Professor Kwesi Kwaa Prah, Centre for Advanced Studies of African Societies highlighted the frustration of students when they ask why are they being taught in English instead of their indigenous languages. Africans are becoming more multilingual. He complained that most African languages are oral and if they are not made literate they will die with time. African languages must be made economically viable to ensure their survival. He urged CRL to push harder to achieve multilingualism.

Mr Mlamli Matshingana, Chief Education Specialist at the Department of Basic Education mentioned that there is progress with using indigenous languages in the education system. Since 2013, the department started incrementally introducing African languages and this year provinces committed to implement indigenous languages in grade 1. For the first time in 2018 there will be exams in sign language.

Mr Christoph Plate, Director of KAS Media Subsahara Africa, highlighted the topic of multilingualism from an international context. Multilingualism is necessary to create a national feeling. In his speech he was sharing his experiences and examples of language policies that he has witnessed in different continents, which explains a lot about the importance of diversity in languages on the one hand but also about the necessity of a clear policy in order to remain connected to the world and not to lose out in these times of globalization on the other hand. His examples made clear that it is possible to prevent a language from extermination; we need enthusiasts and the will power to achieve this. But furthermore languages that don’t even have all the terms in specific sciences and fields are not a practical teaching language, especially for a generation of students who needs to be prepared for the international interaction and challenges.

He summarized that language is beauty, diversity and it encourages participation, but it also requires capital to finance radio stations, language classes and translation services. Languages that feel threatened might feel so because they have been dominant and imposing for a long time. But still it has to be acknowledged that the language of politics or finance is a different one and when it comes to teaching it is important to lay groundwork in one’s own language, but it is also necessary to be independent-minded to accept that there might be other languages that are dominant or more practical.

Mr Mntwana Thulane Zulu summarized the history of the existence of the International Mother Language Day which should promote peace and multilingualism around the world and the protection of mother languages. This is in commemoration of the 1952 Bengali Language Movement in Bangladesh. In Dhaka students were killed by the Pakistani police while they were fighting for their language rights. He compared this incident to the Soweto uprising of students against the apartheid regime. Although the violence is over now, students still have to fight for their language rights. Especially because English is still seen as the better language compared to Afrikaans and African languages.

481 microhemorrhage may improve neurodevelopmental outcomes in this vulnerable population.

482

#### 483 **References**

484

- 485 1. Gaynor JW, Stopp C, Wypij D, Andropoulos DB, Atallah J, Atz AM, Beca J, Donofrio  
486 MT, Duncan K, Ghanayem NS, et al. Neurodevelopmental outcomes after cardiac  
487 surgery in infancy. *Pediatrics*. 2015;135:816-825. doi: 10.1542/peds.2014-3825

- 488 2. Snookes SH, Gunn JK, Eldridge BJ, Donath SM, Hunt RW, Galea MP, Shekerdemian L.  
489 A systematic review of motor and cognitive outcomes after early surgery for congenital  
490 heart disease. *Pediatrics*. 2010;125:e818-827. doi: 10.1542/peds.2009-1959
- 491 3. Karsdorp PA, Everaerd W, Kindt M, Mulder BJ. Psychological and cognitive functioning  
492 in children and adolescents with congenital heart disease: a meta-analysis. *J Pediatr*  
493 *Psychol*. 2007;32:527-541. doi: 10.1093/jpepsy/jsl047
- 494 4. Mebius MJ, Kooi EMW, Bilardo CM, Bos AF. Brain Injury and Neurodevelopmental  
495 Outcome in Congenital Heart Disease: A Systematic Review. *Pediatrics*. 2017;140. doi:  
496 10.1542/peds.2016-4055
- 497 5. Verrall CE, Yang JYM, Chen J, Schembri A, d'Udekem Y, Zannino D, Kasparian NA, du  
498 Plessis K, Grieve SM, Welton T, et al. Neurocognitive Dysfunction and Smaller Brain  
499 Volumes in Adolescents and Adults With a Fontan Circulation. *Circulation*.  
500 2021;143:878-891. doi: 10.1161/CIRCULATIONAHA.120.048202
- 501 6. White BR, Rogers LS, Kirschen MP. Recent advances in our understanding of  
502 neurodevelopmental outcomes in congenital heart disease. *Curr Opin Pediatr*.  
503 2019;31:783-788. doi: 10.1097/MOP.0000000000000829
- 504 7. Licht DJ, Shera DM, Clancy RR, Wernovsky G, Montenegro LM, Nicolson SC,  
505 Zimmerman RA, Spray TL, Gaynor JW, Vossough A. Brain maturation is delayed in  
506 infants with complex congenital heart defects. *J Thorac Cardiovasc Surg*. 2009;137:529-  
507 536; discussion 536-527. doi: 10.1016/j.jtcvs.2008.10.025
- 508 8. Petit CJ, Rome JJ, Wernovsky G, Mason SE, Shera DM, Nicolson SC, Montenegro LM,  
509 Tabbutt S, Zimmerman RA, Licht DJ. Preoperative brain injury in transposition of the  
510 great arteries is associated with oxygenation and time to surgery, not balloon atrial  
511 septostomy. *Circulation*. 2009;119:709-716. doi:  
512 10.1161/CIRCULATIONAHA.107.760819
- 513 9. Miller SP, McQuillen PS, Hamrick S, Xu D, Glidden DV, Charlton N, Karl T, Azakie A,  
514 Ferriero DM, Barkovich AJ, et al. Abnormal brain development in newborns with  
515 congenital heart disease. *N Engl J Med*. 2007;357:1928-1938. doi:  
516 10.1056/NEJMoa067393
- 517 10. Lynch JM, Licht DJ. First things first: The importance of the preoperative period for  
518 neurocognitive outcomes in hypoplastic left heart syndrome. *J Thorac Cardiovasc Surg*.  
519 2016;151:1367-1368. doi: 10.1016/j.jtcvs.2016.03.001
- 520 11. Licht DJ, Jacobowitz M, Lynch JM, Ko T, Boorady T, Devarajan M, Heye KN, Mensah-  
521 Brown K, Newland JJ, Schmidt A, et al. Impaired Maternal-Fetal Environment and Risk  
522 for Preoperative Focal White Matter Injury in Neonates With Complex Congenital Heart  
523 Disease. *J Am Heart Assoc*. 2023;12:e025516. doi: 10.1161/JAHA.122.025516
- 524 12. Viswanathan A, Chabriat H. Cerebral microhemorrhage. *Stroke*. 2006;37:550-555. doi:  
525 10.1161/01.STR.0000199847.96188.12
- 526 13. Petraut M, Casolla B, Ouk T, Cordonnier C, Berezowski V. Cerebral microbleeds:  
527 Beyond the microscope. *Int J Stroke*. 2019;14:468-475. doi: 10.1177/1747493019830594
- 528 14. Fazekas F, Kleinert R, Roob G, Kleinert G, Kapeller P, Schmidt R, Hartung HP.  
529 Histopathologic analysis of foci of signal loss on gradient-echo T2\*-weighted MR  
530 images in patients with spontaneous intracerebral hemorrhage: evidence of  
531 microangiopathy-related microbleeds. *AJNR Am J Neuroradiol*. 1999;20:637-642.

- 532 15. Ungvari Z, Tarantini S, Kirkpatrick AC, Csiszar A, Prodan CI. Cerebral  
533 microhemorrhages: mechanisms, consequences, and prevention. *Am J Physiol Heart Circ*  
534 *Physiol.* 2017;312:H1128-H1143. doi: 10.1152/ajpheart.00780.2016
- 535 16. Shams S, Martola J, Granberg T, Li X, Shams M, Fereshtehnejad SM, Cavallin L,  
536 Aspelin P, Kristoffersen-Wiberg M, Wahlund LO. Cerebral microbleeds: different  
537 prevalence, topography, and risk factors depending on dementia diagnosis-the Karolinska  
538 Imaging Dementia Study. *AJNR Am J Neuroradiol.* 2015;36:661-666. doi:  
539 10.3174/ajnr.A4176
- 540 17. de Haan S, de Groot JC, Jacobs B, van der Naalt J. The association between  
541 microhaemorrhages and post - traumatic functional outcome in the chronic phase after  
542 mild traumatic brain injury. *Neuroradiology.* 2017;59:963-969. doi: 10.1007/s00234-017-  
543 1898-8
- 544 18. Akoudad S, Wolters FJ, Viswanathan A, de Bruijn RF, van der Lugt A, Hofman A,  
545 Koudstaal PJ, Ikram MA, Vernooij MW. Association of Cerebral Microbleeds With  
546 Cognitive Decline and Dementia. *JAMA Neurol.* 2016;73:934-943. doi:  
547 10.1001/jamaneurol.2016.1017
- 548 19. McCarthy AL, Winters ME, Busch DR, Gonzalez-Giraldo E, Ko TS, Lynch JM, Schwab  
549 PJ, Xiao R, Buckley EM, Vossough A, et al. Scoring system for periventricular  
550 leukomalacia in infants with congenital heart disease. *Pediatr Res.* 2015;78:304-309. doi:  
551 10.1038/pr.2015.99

Ms Pumla Madiba, CRL Rights Comissioner, explained how IsiXhosa is not only a language of communication. It also represents a home, a community and it stands for a whole society. During the colonial times it was on the same level with English. However, currently IsiXhosa is neutralised. It is rare these days to find people speaking only IsiXhosa in conversations. English and Afrikaans words are also used as a result the language loses the beauty and authentic form. Parents must encourage kids to speak IsiXhosa in its beautiful authentic form.

In her closing remarks Chairperson of the CRL Commission Ms Mkhwanazi-Xaluva reiterated that young people must be engaged in conversation on issues of culture and heritage. Their voices must be heard. She further impressed upon the Department of Education to provide leaners with Constitutions in their Mother Tongue and they must be taught about their rights. The Conference resolved that the CRL Commission must take the issue of multilingualism further and make it a reality for all South Africans.

Contact

Nancy Msibi

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Project Manager

Nancy.Msibi@kas.de +27 (11) 214 2900-110
Event Reports
September 21, 2017
Conference on Multilingualism and Linguistic Human Rights 2017